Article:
The overall structure presents the picture of a checkered history of disruptions, predicaments, and disappointments in personal relationships, school and work performance.  Even talented, intelligent borderlines fail to fullfill their potential and keep pace with their age peers in accomplishments.

Deficits in social attainments, inability to learn from prior difficulties, a tendency to create self-fulfilling prophecies, and self-defeating behavior create a tight border of limitations within which they function with greater or lesser ease.  When dis-eased, they create digressions and setbacks from earlier aspirations, and fail to achieve a comfortable niche in life that is rewarding and fulfilling.  While they can be generally functional marginally, there are transient episodes of extremely bizarre behavior.

Each borderline is unique, and treatment must be adjusted accordingly.  They display a wide variety of clinical features.  This disorder can appear in combination with manic-depression, narcissism, passive-aggressive personalities, etc.  Each has different parameters, and each case lies somewhere on a continuum of severity of expression.

The Consciousness Restructuring Process is a natural form of self healing.  CRP is a REM or dream journey process that restructures the fundamental consciousness dynamics and neural patterns underlying any disease structure or faulty personality organization.

Healing occurs within the journey (REM), first dissolving the old maladaptive form or self-image attractor, and allowing the emergence of a new self-organizing pattern of personality from a creatively reformed sensory existential self-image.  CRP is non-specific and works on changing the neurological consciousness structures, facilitating changes in old dysfunctional personality patterns.

Even when experiences have conditioned an individual into extremely stable patterns of unstability at all levels of being (existential, physical, emotional, mental, and spiritual), CRP can gently dissolve those old rigidities and nonadaptive patterns and strategies, creating permission and a physical basis for realizing changes at the deepest level.  With supportive therapy (reparenting and social skills) in conjunction with CRP, new strategies and coping tools can be incorporated at the deepest sensory levels, instigating permanent change.

In REM (Rapid Eye Movement) consciousness, natural healing occurs in the course of natural healing journeys.  Inner journeys recreate sensory memories of fetal experiences, and even the pre-sensory level of earlier consciousness structures when our incorporeal essence began to crystallize and take form.  REM is crucial to reaching these deepest consciousness structures, and to the subsequent healing dynamics that result from these encounters.  REM is the primary consciousness shared in common by both child and adult.

CRP posits that for the fetus and the adult, REM consciousness programs the brain with capabilities in each developmental stage.  In order to re-experience the learning processes that were so important to earlier development of our physical and personality structure, we re-enter the consciousness in which they they were fed or programmed into our being.  This is REM-consciousness, as research has shown.

We know from chaos theory that any complex system is very much influenced by minor perturbations or differences in its initial conditions.  In chaos theory, this is known as the “butterfly effect.” This is reflected in the unstable personality type of borderline disorder.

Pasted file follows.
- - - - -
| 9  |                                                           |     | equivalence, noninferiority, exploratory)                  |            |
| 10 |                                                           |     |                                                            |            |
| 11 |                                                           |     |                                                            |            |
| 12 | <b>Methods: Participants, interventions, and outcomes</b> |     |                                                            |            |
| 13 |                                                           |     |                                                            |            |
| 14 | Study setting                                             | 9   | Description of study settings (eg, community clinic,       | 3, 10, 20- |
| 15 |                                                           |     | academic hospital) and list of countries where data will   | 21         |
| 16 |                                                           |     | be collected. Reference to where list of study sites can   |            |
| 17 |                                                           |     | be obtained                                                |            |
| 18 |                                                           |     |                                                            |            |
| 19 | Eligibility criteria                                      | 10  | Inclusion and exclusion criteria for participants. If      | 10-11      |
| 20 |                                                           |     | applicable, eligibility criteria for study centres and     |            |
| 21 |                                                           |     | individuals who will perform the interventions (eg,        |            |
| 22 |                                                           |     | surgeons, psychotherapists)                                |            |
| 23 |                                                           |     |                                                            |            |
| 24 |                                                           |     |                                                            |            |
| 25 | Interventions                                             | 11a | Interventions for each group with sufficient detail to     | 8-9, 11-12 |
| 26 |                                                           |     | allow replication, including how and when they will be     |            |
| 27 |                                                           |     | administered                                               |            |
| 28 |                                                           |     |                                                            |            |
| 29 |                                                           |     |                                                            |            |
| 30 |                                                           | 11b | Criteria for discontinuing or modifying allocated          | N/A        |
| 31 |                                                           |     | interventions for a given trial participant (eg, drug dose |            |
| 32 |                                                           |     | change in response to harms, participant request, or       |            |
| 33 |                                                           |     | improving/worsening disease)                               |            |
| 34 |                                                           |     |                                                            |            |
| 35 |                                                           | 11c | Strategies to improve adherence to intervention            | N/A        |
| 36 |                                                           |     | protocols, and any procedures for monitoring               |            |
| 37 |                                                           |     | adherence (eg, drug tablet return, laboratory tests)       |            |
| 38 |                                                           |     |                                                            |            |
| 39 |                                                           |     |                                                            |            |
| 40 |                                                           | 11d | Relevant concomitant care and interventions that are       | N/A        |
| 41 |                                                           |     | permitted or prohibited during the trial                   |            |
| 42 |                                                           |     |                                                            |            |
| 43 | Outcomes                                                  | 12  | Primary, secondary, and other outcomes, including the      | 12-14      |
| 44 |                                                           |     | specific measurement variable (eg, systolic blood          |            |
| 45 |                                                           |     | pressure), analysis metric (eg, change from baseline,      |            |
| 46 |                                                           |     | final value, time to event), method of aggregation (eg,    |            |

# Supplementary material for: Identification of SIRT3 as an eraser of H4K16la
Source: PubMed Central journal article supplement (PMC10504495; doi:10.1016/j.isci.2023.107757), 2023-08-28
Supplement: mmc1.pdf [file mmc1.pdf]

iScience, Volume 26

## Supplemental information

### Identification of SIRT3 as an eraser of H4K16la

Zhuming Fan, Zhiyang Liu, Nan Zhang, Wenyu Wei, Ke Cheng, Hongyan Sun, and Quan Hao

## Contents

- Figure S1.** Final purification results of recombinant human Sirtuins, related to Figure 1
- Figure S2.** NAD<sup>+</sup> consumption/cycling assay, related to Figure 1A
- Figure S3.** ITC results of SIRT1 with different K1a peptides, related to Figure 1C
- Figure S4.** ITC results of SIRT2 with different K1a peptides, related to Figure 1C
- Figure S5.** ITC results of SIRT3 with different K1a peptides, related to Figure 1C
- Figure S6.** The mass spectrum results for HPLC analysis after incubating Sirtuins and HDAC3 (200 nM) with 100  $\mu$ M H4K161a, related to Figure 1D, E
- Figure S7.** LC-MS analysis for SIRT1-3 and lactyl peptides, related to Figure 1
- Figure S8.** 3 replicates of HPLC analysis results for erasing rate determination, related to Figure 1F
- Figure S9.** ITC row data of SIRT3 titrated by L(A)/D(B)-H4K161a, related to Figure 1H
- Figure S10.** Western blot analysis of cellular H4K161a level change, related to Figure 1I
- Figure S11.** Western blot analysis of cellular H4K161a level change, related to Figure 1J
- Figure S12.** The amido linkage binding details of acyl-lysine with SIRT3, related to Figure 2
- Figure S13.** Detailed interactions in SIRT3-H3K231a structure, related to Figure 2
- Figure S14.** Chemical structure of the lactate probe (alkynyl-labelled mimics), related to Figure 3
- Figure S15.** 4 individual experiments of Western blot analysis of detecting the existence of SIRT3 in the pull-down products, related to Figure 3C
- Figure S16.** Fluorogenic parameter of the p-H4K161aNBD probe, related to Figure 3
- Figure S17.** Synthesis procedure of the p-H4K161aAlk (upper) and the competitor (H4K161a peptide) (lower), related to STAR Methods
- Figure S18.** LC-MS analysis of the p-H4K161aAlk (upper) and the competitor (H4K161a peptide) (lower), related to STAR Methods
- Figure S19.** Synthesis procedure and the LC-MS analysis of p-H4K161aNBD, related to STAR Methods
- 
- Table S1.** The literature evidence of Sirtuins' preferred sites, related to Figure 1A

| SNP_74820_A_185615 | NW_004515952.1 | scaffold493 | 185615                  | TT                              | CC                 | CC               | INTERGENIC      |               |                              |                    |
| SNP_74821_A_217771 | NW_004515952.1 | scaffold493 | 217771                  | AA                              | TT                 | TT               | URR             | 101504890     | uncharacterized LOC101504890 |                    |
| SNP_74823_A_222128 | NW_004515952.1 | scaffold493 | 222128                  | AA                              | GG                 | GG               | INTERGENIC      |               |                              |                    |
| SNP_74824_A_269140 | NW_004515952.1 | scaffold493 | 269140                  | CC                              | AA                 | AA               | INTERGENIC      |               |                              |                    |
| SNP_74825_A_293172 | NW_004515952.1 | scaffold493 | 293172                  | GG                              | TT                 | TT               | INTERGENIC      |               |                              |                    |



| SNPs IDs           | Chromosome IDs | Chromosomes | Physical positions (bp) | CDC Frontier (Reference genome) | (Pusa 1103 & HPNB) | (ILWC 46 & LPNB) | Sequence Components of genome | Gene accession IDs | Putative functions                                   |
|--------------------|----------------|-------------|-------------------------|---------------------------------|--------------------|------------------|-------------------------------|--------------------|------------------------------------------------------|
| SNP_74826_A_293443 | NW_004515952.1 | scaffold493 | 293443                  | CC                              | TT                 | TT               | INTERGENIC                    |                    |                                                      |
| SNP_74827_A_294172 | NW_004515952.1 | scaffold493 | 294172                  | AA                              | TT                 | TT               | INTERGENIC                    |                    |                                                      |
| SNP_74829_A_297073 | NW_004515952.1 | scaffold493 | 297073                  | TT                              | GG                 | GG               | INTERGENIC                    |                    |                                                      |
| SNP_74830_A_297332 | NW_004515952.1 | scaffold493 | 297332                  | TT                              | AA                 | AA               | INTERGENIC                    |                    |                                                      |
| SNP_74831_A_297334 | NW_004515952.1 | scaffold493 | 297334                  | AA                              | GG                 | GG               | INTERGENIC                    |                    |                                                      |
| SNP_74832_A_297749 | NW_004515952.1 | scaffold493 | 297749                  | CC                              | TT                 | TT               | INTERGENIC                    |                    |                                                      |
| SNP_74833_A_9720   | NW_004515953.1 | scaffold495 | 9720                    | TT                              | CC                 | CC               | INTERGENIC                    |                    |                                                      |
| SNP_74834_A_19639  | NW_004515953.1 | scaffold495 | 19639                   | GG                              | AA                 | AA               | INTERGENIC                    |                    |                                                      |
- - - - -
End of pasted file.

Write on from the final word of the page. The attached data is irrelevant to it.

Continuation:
Even before birth sensory perceptions in REM consciousness shared by fetus and parents can greatly influence the physiology, personality and coping strategies of the future adult. Return to these consciousness structures in REM can very well allow us to rewrite this early programming, and to do so in the state that is associated with the formation of our nervous system and cells (Swinney, 1997).

The use of wakeful REM consciousness allows the borderline to fully experience with the senses the transformative or healing experience.  In the healing of trauma in REM, the brain and physiology are incapable of distinguishing between dream experiences and outer experiences.  Therefore, CRP, as a therapeutic process has real consequences in the real world, and is much more effective than simple visualization or imagination.

REM is conducive to new learning and the formation of new neural patterns.  It is our experiences that program us, and shape neural circuitry that in turn shapes both our personality and body chemistry.  Thus therapeutic experience can dissolve and re-write old outworn dysfunctional patterns and forms.  Fundamental perceptions of self and reality are changed, particularly those revolving around fear, anger, and sadness.

CRP journeys complete the cycle that has gotten stuck in the unstable personality.  This chaotic, implicate or complex consciousness is the dynamic in which healing transformations are initiated by changes in the primal existential hologram.

The chaos of no-change in the unstable personality is transmuted by deepening its imperative.  Things change and chaos ensues until the new order appears.  Chaos is actually the mechanism of change itself.  REM consciousness is the most chaotic or complex state of consciousness dynamics measured in the brain.  It is the state that most supports self-correction or the homeostasis effect.

The natural state and healing dynamics of any organism is healthy flow, being able to freely change and evolve to adapt to new conditions presented by a constantly evolving reality.  It is this flow and change-ability that supports profound self-corrections.  It is this ability to flow, adapt, and evolve that defines mental and physiological health.



Karakashian, Stephen J., “Differential diagnosis of the borderline personality: the first step in treatment,” TA Journal, Vol. 18, No. 3, July 1988, pp.178-184.

Millon, Theodore, DISORDERS OF PERSONALITY, DSM III: Axis II, John Wiley & Sons, New York, 1981.

Price, Reese, “Borderline disorders of the self toward a reconceptualization,” TA Journal, Vol. 20, No. 2, April 1990.

Swinney, Graywolf, HOLOGRAPHIC HEALING, Asklepia Press, 1997.

Thompson, George, “Fear, anger, and sadness,” TA Journal, Vol 13, No. 1, Jan.1983, pp. 20-24.